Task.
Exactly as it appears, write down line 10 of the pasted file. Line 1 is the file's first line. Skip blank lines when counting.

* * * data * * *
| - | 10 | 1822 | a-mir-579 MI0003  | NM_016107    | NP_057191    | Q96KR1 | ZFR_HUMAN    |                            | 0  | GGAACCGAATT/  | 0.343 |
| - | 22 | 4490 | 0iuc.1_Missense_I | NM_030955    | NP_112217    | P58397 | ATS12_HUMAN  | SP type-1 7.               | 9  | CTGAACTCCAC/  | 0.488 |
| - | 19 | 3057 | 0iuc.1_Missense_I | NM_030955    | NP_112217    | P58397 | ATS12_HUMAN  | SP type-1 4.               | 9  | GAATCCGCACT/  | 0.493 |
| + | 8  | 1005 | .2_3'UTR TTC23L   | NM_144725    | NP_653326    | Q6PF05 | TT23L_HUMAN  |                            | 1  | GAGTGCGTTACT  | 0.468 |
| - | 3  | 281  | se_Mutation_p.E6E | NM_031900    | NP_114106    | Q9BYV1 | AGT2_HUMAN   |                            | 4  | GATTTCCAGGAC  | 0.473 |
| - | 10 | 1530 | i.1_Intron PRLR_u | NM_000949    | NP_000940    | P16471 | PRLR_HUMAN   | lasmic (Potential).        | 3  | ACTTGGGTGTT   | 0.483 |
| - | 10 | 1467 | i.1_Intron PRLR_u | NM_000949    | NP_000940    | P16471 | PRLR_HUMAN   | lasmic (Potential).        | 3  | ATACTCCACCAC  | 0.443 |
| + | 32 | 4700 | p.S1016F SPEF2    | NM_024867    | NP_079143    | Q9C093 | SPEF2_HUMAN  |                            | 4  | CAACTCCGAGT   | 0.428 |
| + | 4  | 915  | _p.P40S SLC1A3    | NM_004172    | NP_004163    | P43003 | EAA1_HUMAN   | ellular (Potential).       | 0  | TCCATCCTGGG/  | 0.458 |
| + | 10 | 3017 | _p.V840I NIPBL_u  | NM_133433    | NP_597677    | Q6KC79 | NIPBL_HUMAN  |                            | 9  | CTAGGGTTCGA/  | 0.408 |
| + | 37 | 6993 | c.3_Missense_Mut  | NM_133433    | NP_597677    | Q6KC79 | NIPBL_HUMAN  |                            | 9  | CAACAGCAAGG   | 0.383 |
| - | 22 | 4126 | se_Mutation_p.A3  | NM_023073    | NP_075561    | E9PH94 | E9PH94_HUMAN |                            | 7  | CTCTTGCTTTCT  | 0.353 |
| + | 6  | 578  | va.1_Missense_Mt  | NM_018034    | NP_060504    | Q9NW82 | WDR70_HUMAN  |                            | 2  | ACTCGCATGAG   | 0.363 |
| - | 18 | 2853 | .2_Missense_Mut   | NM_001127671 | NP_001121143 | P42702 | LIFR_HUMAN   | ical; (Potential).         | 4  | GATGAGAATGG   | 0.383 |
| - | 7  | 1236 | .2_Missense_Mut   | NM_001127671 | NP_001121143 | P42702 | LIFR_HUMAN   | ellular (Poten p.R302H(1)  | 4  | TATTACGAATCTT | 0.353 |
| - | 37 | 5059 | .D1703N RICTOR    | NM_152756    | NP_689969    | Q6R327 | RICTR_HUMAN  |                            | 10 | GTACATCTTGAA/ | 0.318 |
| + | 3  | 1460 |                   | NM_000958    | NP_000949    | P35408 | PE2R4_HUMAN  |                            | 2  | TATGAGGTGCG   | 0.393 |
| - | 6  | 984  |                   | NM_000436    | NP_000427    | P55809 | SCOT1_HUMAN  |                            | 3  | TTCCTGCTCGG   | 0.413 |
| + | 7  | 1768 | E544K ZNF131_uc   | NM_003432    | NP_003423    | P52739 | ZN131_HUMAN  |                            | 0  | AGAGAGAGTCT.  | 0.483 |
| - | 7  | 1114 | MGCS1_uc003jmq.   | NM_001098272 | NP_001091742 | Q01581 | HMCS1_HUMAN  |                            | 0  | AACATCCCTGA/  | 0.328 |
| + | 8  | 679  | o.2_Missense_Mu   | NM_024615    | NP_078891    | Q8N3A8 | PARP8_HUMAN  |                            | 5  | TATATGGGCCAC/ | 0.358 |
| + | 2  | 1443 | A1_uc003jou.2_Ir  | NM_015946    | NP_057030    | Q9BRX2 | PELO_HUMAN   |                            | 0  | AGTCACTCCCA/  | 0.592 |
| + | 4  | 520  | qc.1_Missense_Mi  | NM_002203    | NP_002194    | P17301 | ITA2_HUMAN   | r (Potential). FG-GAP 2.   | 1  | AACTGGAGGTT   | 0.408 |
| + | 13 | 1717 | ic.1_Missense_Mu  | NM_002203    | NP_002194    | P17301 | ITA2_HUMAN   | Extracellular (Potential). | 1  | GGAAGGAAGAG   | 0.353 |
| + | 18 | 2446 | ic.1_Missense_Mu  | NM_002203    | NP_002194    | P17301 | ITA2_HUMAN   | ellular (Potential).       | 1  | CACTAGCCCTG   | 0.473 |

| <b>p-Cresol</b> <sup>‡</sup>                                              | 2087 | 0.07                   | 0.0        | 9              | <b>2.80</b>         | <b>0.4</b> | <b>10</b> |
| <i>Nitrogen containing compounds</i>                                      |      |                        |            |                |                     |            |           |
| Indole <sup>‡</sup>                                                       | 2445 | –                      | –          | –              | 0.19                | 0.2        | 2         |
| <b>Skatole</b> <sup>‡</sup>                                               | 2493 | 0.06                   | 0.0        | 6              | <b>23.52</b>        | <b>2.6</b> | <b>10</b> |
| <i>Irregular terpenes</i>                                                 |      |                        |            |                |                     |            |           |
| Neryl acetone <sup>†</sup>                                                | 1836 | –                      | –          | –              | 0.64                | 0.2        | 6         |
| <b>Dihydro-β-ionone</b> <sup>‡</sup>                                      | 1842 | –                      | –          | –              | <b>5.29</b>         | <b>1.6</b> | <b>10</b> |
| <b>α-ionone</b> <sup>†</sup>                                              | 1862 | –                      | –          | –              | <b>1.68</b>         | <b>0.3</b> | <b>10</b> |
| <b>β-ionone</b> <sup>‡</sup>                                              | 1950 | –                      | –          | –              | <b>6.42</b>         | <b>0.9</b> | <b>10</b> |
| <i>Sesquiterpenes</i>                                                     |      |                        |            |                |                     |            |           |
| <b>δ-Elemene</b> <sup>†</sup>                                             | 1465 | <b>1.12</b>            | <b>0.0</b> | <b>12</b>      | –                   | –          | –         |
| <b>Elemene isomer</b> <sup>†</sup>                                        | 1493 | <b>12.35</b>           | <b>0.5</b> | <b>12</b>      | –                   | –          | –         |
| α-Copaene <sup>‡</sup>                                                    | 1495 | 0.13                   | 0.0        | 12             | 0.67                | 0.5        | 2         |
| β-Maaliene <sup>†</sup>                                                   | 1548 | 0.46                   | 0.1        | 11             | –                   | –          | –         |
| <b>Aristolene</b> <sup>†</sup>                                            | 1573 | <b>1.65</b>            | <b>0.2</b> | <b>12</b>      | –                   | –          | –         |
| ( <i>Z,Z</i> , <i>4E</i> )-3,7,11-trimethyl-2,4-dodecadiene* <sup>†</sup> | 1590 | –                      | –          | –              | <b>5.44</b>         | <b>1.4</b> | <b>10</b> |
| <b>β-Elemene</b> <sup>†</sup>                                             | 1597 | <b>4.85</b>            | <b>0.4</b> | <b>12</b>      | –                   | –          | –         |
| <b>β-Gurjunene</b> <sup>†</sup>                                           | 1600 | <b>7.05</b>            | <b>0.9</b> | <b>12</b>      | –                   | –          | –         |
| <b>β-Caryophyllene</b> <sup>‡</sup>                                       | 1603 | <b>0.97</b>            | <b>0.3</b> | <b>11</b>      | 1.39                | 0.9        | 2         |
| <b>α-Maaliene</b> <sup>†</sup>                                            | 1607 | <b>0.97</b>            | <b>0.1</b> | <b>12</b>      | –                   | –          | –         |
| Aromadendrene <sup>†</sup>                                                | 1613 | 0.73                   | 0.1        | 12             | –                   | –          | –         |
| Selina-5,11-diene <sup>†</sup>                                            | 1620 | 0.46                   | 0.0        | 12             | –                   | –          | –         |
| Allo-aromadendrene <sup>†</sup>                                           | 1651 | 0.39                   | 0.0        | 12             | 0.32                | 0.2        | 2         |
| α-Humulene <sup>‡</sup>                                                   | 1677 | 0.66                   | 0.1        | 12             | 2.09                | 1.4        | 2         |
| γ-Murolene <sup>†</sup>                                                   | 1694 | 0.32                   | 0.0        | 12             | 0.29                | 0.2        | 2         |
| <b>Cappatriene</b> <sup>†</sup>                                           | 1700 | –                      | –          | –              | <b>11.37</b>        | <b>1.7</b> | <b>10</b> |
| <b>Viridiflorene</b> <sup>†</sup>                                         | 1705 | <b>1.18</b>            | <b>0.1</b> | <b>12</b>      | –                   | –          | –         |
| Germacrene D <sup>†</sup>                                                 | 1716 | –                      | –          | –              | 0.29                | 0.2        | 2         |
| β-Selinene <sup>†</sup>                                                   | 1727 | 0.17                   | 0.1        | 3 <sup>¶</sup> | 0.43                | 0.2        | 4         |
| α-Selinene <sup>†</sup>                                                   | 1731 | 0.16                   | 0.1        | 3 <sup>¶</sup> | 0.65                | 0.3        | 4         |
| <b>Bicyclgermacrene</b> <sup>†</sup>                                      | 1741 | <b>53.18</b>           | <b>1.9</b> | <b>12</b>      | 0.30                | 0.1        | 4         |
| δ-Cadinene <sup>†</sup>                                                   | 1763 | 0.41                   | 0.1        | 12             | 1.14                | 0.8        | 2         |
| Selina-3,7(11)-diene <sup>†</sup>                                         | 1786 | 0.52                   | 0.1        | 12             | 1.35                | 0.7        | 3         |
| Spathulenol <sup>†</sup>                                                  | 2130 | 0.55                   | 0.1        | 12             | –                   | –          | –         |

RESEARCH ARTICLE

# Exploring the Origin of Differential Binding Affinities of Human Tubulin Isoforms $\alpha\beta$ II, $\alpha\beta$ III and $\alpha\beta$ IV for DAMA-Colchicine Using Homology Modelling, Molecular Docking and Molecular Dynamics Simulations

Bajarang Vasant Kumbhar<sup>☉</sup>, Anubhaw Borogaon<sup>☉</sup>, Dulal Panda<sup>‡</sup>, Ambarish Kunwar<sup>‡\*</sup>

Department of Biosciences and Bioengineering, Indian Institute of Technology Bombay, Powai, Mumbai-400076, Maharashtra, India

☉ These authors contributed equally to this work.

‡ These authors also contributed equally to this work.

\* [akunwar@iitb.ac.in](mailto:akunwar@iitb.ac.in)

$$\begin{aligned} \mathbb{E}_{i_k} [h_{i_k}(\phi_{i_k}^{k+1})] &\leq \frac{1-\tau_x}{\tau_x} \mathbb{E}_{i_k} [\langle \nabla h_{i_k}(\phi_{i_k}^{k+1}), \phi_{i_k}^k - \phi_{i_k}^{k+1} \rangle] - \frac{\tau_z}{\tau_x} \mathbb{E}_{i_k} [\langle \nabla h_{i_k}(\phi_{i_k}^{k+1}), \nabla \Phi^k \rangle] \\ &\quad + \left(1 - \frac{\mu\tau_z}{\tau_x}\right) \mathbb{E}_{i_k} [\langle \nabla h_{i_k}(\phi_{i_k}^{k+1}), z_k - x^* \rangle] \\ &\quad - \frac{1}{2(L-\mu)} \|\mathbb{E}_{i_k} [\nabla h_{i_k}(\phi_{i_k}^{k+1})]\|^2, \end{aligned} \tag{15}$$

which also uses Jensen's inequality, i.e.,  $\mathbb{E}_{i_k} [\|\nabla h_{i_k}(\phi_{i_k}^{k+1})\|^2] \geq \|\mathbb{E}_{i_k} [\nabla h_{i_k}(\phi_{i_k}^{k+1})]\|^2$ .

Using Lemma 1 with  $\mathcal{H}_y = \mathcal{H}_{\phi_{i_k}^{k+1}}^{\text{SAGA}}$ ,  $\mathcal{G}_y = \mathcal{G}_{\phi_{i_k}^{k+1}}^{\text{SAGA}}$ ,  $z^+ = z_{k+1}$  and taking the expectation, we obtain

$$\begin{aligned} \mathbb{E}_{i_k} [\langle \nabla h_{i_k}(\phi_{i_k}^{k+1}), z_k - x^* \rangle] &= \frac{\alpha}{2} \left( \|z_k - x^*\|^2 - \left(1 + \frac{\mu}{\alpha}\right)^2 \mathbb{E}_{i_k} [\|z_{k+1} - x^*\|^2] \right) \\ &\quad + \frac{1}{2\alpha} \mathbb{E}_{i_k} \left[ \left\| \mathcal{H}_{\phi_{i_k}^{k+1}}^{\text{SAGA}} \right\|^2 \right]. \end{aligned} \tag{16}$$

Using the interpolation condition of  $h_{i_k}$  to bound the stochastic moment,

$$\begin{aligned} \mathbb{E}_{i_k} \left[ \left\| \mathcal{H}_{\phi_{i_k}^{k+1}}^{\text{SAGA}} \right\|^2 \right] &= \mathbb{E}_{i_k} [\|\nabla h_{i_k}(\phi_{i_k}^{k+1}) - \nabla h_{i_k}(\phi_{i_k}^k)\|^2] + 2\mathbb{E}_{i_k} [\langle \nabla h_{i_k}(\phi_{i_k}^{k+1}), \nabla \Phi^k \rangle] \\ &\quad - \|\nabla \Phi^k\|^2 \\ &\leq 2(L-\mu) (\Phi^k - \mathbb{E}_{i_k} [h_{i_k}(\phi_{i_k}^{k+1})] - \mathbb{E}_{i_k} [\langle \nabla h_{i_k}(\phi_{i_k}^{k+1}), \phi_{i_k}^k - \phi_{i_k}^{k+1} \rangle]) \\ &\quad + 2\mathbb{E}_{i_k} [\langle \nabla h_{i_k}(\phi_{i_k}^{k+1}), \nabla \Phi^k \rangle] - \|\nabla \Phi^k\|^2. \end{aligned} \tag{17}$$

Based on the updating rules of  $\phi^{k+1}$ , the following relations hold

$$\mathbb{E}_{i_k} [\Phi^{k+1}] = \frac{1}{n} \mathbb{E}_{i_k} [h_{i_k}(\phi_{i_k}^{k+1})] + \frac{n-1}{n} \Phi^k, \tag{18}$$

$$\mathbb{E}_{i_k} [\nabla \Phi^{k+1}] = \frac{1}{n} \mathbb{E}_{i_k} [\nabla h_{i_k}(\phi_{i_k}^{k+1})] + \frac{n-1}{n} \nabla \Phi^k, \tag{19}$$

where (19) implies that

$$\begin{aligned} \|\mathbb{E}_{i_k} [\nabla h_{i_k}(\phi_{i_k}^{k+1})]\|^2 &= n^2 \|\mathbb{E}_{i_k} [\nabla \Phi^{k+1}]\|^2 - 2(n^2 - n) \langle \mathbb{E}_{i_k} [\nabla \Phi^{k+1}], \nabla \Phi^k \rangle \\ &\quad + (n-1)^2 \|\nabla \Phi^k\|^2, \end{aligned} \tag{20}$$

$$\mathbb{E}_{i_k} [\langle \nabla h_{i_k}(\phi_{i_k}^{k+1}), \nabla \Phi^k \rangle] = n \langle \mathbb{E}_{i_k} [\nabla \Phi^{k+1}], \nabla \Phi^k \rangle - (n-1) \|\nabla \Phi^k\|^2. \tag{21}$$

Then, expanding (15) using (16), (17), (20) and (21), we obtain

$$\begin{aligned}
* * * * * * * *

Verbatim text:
| + | 10 | 3017 | _p.V840I NIPBL_u  | NM_133433    | NP_597677    | Q6KC79 | NIPBL_HUMAN  |                            | 9  | CTAGGGTTCGA/  | 0.408 |